You can redefine or overload most of the built-in operators available in F#. Thus a programmer can use operators with user-defined types as well.
Operators are functions with special names, enclosed in brackets. They must be defined as static class members. Like any other function, an overloaded operator has a return type and a parameter list.
The following example, shows a + operator on complex numbers −
//overloading + operator static member (+) (a : Complex, b: Complex) = Complex(a.x + b.x, a.y + b.y)
The above function implements the addition operator (+) for a user-defined class Complex. It adds the attributes of two objects and returns the resultant Complex object.
The following program shows the complete implementation −
//implementing a complex class with +, and - operators //overloaded type Complex(x: float, y : float) = member this.x = x member this.y = y //overloading + operator static member (+) (a : Complex, b: Complex) = Complex(a.x + b.x, a.y + b.y) //overloading - operator static member (-) (a : Complex, b: Complex) = Complex(a.x - b.x, a.y - b.y) // overriding the ToString method override this.ToString() = this.x.ToString() + " " + this.y.ToString() //Creating two complex numbers let c1 = Complex(7.0, 5.0) let c2 = Complex(4.2, 3.1) // addition and subtraction using the //overloaded operators let c3 = c1 + c2 let c4 = c1 - c2 //printing the complex numbers printfn "%s" (c1.ToString()) printfn "%s" (c2.ToString()) printfn "%s" (c3.ToString()) printfn "%s" (c4.ToString())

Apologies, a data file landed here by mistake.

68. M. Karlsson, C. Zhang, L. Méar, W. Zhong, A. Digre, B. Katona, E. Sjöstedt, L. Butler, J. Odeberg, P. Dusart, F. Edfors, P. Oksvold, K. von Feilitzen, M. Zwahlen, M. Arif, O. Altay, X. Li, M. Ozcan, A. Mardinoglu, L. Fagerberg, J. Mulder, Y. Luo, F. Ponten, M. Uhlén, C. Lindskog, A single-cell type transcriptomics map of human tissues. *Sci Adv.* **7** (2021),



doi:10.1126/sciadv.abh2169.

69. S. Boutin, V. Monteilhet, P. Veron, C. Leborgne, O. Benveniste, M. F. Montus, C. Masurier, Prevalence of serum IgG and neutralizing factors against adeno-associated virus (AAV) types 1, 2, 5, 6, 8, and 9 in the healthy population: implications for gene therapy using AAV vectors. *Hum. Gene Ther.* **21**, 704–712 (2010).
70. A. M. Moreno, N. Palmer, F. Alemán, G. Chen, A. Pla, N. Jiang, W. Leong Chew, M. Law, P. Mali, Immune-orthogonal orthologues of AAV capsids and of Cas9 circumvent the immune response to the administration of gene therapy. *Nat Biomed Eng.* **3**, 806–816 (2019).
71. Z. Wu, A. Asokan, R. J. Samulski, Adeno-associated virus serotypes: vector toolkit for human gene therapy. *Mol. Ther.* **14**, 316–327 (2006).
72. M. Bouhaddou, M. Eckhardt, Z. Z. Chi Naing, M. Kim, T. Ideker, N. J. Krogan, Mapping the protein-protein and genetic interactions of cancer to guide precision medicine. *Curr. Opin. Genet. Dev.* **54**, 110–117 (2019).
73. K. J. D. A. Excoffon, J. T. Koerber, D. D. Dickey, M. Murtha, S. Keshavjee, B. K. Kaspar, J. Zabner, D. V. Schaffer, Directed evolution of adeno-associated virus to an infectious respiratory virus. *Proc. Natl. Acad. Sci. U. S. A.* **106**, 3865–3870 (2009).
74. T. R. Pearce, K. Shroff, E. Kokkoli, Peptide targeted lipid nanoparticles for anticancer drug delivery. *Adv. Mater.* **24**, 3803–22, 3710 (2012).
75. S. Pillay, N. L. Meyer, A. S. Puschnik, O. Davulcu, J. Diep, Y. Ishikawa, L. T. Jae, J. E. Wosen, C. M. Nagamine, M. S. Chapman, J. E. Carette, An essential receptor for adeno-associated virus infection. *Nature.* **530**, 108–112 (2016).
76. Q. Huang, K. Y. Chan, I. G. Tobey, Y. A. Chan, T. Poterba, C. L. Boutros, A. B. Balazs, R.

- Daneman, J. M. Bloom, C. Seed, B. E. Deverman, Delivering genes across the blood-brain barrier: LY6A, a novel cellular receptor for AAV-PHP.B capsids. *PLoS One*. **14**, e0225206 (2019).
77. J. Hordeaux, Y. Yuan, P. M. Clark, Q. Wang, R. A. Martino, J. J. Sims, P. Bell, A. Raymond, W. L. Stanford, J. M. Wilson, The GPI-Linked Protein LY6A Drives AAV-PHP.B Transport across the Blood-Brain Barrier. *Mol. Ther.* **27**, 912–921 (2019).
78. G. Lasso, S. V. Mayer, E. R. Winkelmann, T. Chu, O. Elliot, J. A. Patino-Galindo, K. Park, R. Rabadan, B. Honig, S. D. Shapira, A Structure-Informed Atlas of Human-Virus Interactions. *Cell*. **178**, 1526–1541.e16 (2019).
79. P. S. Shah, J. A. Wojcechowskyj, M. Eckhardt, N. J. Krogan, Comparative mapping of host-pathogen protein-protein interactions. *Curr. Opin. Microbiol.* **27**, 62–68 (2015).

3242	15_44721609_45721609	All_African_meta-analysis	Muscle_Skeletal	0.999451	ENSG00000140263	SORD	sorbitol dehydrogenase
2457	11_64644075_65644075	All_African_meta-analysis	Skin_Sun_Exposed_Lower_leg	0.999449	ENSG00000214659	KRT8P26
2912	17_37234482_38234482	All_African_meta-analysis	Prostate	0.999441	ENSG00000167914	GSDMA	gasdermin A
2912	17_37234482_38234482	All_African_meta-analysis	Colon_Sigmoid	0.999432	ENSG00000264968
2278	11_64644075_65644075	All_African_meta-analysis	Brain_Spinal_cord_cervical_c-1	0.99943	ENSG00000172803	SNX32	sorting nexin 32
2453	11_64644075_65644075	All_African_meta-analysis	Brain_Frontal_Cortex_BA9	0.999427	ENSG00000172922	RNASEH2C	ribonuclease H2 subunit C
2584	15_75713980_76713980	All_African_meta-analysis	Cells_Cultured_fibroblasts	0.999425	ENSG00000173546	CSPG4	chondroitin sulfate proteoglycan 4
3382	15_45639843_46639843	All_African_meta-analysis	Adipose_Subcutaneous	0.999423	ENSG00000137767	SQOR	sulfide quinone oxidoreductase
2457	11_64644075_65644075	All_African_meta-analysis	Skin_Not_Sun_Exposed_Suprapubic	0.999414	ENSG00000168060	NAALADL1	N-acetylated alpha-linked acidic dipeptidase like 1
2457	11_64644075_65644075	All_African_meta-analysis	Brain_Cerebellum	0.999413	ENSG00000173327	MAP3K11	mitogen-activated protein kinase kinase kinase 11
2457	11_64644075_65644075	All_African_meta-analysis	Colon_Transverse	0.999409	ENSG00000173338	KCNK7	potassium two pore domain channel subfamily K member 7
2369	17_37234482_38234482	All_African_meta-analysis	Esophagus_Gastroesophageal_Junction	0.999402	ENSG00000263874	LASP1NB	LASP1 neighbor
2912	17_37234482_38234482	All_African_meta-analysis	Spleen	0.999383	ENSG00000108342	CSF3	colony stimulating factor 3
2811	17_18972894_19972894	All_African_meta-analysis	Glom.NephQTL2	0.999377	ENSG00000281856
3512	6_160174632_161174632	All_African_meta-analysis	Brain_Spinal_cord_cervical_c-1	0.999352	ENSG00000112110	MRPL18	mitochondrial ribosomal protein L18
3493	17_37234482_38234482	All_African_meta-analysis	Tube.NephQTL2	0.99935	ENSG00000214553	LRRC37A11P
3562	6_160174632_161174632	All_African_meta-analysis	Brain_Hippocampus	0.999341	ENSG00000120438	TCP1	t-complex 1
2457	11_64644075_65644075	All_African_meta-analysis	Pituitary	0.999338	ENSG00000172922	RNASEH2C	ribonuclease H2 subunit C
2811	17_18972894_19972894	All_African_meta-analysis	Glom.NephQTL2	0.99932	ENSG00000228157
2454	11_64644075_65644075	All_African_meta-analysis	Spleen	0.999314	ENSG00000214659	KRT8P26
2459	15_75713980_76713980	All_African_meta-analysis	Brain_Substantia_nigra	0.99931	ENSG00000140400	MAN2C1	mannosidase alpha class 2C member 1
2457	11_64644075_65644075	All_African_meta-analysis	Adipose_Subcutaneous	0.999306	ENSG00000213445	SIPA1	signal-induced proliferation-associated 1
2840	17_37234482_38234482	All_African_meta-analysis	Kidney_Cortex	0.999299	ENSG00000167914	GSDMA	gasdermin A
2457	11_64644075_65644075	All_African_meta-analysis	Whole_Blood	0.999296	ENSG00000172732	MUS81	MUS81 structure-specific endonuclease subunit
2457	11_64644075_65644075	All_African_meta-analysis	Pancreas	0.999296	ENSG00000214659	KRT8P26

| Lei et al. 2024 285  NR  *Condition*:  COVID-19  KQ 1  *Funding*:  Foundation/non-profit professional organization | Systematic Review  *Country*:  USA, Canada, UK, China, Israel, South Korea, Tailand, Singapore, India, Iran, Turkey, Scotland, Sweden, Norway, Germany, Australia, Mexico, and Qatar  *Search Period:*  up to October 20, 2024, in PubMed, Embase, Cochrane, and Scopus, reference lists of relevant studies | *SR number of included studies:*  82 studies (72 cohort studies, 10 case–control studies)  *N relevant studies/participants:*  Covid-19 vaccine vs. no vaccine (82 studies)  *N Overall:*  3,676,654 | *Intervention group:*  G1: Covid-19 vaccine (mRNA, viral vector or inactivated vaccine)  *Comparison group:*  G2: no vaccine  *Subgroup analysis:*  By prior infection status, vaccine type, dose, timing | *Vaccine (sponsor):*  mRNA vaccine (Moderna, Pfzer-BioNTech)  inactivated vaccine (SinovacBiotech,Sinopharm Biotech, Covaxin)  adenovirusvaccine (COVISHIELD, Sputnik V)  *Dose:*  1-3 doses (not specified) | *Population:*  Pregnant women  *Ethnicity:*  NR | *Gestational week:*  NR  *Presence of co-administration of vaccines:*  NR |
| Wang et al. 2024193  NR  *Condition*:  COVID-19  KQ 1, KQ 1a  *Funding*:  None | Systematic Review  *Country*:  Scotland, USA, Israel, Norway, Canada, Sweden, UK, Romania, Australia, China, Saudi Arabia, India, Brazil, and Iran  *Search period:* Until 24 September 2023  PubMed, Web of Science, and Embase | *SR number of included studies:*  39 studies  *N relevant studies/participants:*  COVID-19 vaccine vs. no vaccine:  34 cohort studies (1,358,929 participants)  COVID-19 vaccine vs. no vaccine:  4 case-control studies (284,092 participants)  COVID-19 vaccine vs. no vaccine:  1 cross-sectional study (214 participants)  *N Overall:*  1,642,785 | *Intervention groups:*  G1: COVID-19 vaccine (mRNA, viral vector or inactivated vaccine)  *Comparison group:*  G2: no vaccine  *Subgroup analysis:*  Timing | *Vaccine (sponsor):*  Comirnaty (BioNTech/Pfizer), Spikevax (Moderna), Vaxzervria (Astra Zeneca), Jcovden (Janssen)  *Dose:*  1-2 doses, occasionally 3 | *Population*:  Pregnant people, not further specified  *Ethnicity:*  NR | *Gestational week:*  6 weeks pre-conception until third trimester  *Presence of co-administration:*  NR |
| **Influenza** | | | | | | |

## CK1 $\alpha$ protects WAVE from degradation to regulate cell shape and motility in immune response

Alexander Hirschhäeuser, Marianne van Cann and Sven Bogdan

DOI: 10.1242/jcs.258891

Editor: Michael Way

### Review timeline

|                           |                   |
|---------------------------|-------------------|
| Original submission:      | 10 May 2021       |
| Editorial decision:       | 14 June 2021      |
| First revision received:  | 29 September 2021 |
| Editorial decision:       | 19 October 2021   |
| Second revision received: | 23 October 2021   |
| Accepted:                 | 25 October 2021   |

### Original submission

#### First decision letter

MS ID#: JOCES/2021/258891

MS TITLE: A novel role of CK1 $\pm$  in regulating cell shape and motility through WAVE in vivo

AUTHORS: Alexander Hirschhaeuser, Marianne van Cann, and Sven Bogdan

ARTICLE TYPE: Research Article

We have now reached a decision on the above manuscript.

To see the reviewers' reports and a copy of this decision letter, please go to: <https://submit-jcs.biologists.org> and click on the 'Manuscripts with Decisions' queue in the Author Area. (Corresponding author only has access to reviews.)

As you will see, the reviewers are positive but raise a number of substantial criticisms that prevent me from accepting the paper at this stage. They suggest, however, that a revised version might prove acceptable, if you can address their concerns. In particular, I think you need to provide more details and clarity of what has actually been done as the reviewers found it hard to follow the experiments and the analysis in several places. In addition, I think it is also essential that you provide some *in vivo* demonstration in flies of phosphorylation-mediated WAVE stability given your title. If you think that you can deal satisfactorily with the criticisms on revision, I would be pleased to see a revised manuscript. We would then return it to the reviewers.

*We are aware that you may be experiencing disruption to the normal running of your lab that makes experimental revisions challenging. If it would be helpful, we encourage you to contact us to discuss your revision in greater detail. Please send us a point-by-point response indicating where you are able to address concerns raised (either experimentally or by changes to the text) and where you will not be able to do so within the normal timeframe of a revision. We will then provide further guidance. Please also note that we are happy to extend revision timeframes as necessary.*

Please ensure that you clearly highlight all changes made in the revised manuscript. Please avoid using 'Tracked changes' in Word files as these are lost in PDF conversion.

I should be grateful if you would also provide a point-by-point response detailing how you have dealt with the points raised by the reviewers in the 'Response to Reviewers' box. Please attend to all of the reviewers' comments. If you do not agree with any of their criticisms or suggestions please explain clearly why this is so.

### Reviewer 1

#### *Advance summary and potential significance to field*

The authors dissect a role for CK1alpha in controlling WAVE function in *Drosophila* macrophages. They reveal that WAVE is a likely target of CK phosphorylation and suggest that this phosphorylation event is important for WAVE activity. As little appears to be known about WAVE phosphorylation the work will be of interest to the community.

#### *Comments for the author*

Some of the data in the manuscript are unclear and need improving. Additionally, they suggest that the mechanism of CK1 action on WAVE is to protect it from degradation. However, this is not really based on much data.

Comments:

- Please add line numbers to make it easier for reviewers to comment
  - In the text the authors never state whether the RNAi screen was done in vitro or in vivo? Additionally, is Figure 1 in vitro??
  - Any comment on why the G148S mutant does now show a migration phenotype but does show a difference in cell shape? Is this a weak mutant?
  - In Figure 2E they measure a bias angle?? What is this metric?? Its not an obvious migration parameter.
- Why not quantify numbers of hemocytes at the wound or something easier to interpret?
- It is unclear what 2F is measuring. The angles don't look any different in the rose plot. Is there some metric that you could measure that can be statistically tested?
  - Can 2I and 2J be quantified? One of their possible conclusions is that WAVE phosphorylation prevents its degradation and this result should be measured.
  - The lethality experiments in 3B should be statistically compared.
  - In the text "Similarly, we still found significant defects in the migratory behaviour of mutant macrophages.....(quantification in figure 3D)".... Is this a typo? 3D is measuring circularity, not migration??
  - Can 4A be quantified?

When you compile and execute the program, it yields the following output −
7 5 4.2 3.1 11.2 8.1 2.8 1.9